God, Man, and Tyrants
John of Salisbury and the Bestselling Book of the Twelfth Century
By Dave Kopel
[Liberty magazine, May 2004, pp. 37-38, 52.]
Who said “Rebellion to tyrants is obedience to God”? Pat yourself on the back if you answered “Thomas Jefferson and Benjamin Franklin.” They proposed placing the motto on the Great Seal of the United States. Pat yourself even harder if you knew that the phrase was created by John Bradshaw (1602–1659), the lawyer who served as President of the Parliamentary Commission which sentenced British King Charles I to death. But who thought up the idea?
The idea is implicit in much of the Old Testament, which is full of righteous Hebrews overthrowing tyrants. And certainly the history of Republican Rome and classical Greece has many similar stories. But in the first millennium of Western Christianity, Christians fell under the sway of the law of the Roman Empire, which emphasized absolute obedience to government, and claimed that the government was above the law. Cicero, who lived in the last days of the Republic, was the last great writer to articulate the right of revolution.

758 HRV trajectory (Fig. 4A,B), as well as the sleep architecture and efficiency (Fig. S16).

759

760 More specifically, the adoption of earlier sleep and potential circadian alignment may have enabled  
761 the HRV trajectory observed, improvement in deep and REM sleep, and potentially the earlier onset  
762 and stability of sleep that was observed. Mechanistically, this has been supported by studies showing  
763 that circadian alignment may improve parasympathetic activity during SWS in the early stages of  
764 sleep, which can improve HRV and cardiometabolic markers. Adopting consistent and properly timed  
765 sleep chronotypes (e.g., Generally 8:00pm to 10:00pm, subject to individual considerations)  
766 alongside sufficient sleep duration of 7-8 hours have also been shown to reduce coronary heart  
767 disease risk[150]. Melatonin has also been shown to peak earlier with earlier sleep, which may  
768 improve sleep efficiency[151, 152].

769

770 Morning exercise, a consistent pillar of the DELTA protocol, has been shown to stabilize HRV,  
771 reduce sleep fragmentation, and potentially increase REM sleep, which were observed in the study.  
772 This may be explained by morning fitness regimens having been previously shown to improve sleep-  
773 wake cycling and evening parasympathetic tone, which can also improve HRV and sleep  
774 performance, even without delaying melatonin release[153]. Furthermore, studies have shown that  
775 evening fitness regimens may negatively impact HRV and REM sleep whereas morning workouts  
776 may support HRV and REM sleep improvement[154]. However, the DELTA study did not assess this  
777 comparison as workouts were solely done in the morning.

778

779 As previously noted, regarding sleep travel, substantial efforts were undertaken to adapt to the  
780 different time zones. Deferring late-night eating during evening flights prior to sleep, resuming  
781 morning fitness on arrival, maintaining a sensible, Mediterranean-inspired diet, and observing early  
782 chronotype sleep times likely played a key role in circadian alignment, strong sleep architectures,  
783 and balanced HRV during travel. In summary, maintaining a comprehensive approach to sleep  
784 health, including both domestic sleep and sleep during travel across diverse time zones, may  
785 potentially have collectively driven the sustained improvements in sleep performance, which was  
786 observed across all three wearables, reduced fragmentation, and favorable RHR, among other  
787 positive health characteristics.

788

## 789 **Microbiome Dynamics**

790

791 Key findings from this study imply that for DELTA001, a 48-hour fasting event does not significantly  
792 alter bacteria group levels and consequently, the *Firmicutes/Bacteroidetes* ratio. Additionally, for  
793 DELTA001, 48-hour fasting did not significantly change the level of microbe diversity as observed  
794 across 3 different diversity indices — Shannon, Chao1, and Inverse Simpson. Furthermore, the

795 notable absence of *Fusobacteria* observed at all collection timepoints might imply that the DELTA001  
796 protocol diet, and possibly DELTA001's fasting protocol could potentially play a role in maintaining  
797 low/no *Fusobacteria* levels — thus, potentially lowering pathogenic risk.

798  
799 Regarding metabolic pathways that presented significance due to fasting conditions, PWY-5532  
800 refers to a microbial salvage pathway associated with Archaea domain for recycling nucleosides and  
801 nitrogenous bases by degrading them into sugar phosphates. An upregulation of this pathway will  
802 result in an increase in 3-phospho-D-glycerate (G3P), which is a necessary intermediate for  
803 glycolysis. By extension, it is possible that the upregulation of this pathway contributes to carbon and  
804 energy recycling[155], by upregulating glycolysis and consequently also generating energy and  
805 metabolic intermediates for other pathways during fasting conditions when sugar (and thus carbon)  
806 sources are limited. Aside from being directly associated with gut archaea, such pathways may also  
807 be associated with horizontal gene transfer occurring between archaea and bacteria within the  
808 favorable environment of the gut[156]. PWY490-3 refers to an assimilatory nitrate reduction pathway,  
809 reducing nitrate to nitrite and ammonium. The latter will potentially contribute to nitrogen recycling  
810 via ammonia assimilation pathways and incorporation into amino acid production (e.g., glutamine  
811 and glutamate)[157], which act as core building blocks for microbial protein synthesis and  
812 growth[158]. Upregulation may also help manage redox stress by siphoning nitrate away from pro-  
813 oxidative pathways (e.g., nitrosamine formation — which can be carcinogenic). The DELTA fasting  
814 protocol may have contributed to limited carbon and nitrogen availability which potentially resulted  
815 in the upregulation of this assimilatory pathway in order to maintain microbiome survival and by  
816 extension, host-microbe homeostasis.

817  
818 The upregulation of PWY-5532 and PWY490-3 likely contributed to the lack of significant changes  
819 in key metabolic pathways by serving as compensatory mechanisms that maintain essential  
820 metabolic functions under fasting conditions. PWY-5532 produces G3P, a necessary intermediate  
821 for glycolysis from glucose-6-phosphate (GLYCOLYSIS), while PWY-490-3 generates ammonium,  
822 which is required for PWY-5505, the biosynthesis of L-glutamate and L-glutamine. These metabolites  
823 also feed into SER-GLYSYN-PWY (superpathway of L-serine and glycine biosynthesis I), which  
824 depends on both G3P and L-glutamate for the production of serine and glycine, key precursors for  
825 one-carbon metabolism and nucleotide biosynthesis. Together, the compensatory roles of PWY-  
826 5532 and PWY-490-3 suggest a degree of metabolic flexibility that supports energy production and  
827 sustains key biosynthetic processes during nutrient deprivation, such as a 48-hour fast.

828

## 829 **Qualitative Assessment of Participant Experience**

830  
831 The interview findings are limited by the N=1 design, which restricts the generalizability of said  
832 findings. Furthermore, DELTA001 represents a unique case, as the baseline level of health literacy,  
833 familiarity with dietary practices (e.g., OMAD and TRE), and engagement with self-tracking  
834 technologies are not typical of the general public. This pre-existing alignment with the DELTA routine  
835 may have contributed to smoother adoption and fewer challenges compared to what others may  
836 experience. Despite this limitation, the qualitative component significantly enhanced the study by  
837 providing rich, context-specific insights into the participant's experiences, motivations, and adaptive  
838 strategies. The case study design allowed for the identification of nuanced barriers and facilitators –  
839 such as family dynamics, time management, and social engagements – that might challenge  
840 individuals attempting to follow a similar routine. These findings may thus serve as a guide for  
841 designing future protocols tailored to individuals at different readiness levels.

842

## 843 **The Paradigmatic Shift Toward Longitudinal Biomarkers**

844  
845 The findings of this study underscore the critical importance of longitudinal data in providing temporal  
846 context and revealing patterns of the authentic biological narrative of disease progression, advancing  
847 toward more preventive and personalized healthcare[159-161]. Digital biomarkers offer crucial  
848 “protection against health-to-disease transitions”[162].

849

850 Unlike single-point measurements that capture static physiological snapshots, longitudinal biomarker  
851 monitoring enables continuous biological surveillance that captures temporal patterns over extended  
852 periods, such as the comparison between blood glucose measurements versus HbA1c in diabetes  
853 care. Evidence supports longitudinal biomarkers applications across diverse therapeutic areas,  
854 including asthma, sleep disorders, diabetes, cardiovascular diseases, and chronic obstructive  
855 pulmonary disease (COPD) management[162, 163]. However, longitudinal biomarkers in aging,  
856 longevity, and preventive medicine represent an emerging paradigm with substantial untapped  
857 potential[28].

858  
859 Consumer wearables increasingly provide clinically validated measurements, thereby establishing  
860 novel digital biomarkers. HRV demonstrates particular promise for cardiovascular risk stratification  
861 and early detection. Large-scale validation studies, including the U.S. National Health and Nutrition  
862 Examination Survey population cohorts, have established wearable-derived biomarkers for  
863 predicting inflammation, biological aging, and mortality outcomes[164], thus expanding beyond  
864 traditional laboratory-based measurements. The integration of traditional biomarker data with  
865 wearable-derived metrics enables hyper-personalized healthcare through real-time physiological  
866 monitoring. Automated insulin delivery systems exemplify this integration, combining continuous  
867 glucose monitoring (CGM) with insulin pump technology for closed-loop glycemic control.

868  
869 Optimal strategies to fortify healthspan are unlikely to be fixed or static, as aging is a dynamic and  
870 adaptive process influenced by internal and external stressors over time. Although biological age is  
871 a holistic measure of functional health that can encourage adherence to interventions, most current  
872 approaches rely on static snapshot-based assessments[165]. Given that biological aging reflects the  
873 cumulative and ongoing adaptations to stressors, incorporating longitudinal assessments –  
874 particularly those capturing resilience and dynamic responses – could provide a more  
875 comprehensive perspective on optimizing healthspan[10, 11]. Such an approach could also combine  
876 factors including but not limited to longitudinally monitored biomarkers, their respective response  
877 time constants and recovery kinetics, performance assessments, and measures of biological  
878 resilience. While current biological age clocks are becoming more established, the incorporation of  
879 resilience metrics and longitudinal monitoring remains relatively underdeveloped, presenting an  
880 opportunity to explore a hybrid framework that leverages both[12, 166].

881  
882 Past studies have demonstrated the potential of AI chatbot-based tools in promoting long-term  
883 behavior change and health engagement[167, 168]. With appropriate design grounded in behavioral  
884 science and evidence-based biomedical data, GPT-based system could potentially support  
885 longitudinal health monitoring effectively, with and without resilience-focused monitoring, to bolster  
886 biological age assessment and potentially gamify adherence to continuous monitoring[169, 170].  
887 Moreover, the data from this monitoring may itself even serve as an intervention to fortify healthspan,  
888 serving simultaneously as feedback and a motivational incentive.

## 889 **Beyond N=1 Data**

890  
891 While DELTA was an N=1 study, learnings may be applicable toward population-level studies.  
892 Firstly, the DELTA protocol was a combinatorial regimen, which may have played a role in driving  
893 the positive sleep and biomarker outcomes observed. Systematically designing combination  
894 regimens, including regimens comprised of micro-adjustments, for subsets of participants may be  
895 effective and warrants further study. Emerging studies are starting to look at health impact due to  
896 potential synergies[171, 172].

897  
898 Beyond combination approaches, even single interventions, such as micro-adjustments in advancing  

The man who restored the right to Western political thought was an English bishop named John of Salisbury. In 1159, he wrote Policraticus (“Statesman’s Book”), which became the best-seller of the century. Although Policraticus is mostly forgotten today, it is one of the few books which truly changed the world.
For the rest of this article and the text of Policraticus go to http://www.constitution.org/salisbury/policrat.htm . Some formatting is still needed on the book, and how soon that will get done depends on funding, so if you would like to see the work completed follow the instructions below to send a donation.
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